Share This Article

The trouble came when railroads laid tracks into the lower Rio Grande Valley. Many agreed the iron rails helped set in motion the South Texas Revolt of 1915, aka the Bandit War. Until then the valley had been relatively homogeneous, its Hispanic population getting by on small ranches and farms. If not for the river border, it would have been impossible to distinguish the Mexican stretch of the valley from the section that fell within the boundaries of Texas. The land had been part of the United States since the 1846–48 Mexican War, but due to a lack of transportation routes, it had remained remote to most Anglos.

A Tejano farm family poses outside its thatched jacal on the Texas side of the Rio Grande. (Library of Congress/Corbis/VCG via Getty Images)

By the turn of the 20th century railroads were still virtually absent from the valley, but market pressures filled that void over the following decade. The climate and soil were ideal for growing fruits and vegetables—items that brought top dollar in big city markets. Railroad companies promoted it as the “Magic Valley,” a promised land of quick wealth, and their trains soon began to unload hordes of Anglos with money in their pockets for buying up land. The Saint Louis–based John T. Beamer Co. became the area’s largest economic player, investing $3.5 million in a canal system, a town site and 100,000 acres for farming citrus fruit.

The new arrivals elected their own public officials, some of whom took to auctioning Hispanic properties seized through tax liens in the rush to open up ever more land. Soon many of the longtime inhabitants found themselves working for the newly arrived Anglos. Bitterness was in the air. The Hispanics could not turn to their ancestral homeland for help. Across the river civil war gripped Mexico. Since forcing the resignation of de facto dictator Porfirio Díaz in 1911, such revolutionary figures as Venustiano Carranza, Pancho Villa and Emiliano Zapata had become embroiled in a multisided power struggle. In 1915 Carranza wrested control of the south bank of the lower Rio Grande.

That January a Mexican named Basilio Ramos crossed the river from Matamoros into Brownsville, Texas. There was nothing unusual about that. Thousands crossed the border each day without being checked. But concealed beneath his coat Ramos carried a copy of a manifesto called the Plan of San Diego. Drafted by Mexican rebels in the south Texas town of San Diego, it called for the Hispanic population of the Southwestern United States to rise up in armed rebellion, overthrow the oppressive Anglos and reclaim all lands the federal government had taken from Mexico in the Mexican War. The Sedicionistas behind the proposed race war called for the extermination of every Anglo male over age 16 and encouraged the cooperation of American Indians and blacks, who would be given their ancestral lands or land of their own to settle.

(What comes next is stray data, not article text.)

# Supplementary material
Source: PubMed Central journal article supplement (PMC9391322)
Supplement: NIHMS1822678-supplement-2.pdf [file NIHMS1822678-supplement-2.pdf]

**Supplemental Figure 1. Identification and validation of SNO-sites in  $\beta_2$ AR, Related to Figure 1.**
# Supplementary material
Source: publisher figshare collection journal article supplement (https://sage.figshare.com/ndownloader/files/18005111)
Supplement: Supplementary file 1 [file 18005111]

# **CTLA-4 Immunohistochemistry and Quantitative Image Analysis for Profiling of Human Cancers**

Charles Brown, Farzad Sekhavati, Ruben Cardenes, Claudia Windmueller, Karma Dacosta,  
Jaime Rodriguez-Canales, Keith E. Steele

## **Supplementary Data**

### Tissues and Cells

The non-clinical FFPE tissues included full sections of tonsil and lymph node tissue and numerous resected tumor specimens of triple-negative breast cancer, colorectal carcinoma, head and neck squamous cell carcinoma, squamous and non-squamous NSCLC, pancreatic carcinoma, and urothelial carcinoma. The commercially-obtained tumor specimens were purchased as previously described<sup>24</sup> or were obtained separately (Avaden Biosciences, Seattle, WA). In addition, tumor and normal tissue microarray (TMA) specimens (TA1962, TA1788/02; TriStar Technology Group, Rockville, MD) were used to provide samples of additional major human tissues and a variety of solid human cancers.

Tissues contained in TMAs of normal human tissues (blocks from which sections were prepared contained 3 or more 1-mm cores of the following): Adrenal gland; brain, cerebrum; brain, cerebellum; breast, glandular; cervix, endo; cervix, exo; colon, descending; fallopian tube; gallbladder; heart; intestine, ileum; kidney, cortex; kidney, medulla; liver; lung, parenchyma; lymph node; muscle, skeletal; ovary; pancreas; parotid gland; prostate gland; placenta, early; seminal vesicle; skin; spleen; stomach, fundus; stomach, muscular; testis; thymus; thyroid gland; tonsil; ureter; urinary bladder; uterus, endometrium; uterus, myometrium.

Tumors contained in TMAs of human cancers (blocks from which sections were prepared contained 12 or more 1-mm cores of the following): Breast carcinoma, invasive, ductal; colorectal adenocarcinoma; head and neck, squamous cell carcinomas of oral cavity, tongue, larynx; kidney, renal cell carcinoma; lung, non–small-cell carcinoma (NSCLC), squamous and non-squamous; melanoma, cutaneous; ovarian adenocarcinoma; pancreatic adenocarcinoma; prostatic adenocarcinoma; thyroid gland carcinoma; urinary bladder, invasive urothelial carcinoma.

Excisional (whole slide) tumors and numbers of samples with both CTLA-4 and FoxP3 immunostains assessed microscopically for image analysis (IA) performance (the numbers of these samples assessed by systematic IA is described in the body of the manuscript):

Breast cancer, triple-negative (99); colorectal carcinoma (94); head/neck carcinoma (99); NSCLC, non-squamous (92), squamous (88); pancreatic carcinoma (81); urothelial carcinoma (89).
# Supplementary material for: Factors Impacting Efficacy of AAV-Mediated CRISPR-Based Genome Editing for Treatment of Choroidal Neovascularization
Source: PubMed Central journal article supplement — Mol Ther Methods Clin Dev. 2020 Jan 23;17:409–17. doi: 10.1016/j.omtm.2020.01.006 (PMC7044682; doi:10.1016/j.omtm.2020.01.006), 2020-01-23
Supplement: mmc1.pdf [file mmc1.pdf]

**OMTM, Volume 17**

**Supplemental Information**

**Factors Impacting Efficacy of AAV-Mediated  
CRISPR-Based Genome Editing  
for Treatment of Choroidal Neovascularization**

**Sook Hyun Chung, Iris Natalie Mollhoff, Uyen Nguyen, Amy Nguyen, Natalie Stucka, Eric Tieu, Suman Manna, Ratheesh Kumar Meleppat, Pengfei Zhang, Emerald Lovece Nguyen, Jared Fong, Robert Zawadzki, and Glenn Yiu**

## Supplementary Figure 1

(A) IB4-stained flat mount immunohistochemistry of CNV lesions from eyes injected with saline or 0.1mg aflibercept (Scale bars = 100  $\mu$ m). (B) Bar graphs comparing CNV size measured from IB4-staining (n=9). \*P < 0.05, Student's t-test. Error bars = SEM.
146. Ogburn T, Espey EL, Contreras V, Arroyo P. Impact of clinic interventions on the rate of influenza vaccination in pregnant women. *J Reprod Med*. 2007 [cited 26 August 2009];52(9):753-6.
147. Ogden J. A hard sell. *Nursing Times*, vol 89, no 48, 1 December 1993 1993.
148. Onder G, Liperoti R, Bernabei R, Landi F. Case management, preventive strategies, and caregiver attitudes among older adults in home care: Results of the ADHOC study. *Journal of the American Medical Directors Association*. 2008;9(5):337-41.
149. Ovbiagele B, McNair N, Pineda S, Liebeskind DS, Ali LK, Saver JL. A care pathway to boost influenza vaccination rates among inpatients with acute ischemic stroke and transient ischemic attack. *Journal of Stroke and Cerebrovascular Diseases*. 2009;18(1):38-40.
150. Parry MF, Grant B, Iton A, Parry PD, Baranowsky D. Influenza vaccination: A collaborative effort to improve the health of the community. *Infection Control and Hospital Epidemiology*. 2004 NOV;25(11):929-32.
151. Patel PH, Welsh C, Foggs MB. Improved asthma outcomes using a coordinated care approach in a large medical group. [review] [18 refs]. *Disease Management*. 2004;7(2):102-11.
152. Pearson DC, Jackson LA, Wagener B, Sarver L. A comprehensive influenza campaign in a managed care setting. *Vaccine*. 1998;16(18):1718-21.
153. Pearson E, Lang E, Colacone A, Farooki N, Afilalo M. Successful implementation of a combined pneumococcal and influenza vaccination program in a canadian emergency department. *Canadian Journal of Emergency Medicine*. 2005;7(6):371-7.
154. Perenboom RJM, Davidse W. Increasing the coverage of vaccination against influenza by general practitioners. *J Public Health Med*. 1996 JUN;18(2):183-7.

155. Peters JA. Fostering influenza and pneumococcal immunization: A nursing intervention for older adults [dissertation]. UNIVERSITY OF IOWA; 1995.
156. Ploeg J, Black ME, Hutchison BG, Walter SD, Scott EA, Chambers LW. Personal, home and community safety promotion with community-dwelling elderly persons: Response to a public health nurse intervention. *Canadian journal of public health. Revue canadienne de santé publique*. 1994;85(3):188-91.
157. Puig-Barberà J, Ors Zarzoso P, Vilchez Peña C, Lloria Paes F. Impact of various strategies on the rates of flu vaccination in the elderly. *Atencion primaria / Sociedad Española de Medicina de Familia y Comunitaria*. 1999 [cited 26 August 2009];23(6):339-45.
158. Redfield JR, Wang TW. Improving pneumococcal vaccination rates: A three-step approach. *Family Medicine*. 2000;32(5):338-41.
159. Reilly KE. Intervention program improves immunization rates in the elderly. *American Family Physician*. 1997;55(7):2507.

Mexican revolutionary General Venustiano Carranza controlled Texas-bound traffic along the river and had given the raiders his tacit approval if not outright blessing. (Buyenlarge/Getty Images)

Ramos’ task was to seek Tejanos (Texans of Hispanic descent) willing to join the Sedicionista “army of liberation.” His mistake was in approaching Dr. Andres Villareal, a Tejano with U.S. sympathies, in the border town of McAllen, some 60 miles west of Brownsville. Villareal informed the city marshal, who arrested Ramos and turned him over to federal authorities. Transported back to Brownsville, Ramos was held in the Cameron County Jail while awaiting a court date.

Even as Ramos cooled his heels behind bars, Villistas and Carrancistas battled for control of the valley south of the river. Carranza’s army finally took the region after breaking the siege of Matamoros on April 13 and routing Villa’s army. From then on no one could cross the border to or from Texas without the approval of Carranza or his generals. There were exceptions.

The Department of Justice indicted Ramos for conspiracy to commit treason on May 13, a judge setting his bail at $5,000. When the judge reduced it to $100, compatriots posted bond. Ramos promptly skipped out and crossed the Rio Grande back into Mexico, where Carrancista officers reportedly fêted him.

The Plan of San Diego underscored precisely what U.S. authorities had feared from the Mexican Revolution—a Hispanic uprising in Texas. Such fears seemed warranted when on the Fourth of July some 40 mounted Mexicans raided the Los Indios Ranch in Cameron County. Five days later an employee of the Norias division of the legendary King Ranch shot dead one member of a raiding party. At a dance outside Brownsville on July 11 two Hispanic police officers were shot from ambush, one later dying from his wounds. Over the next two weeks the lower Rio Grande Valley lit up with raids on outlying Anglo ranches, shots fired at lawmen and assassination attempts on Anglo ranchers.

On July 25 the raiders tried cutting off the valley from the rest of Texas by burning a bridge on the St. Louis, Brownsville & Mexico Railway near Harlingen, Texas. That same day a U.S. Army patrol had its first encounter with a raiding band. One soldier was killed, while the pursuing detachment captured three raiders.

Maj. Gen. Frederick Funston commanded the U.S. Army’s Southern Department from Fort Sam Houston in San Antonio. He recognized Carranza’s role in the raids and authorized troops to quell the uprising. (Library of Congress)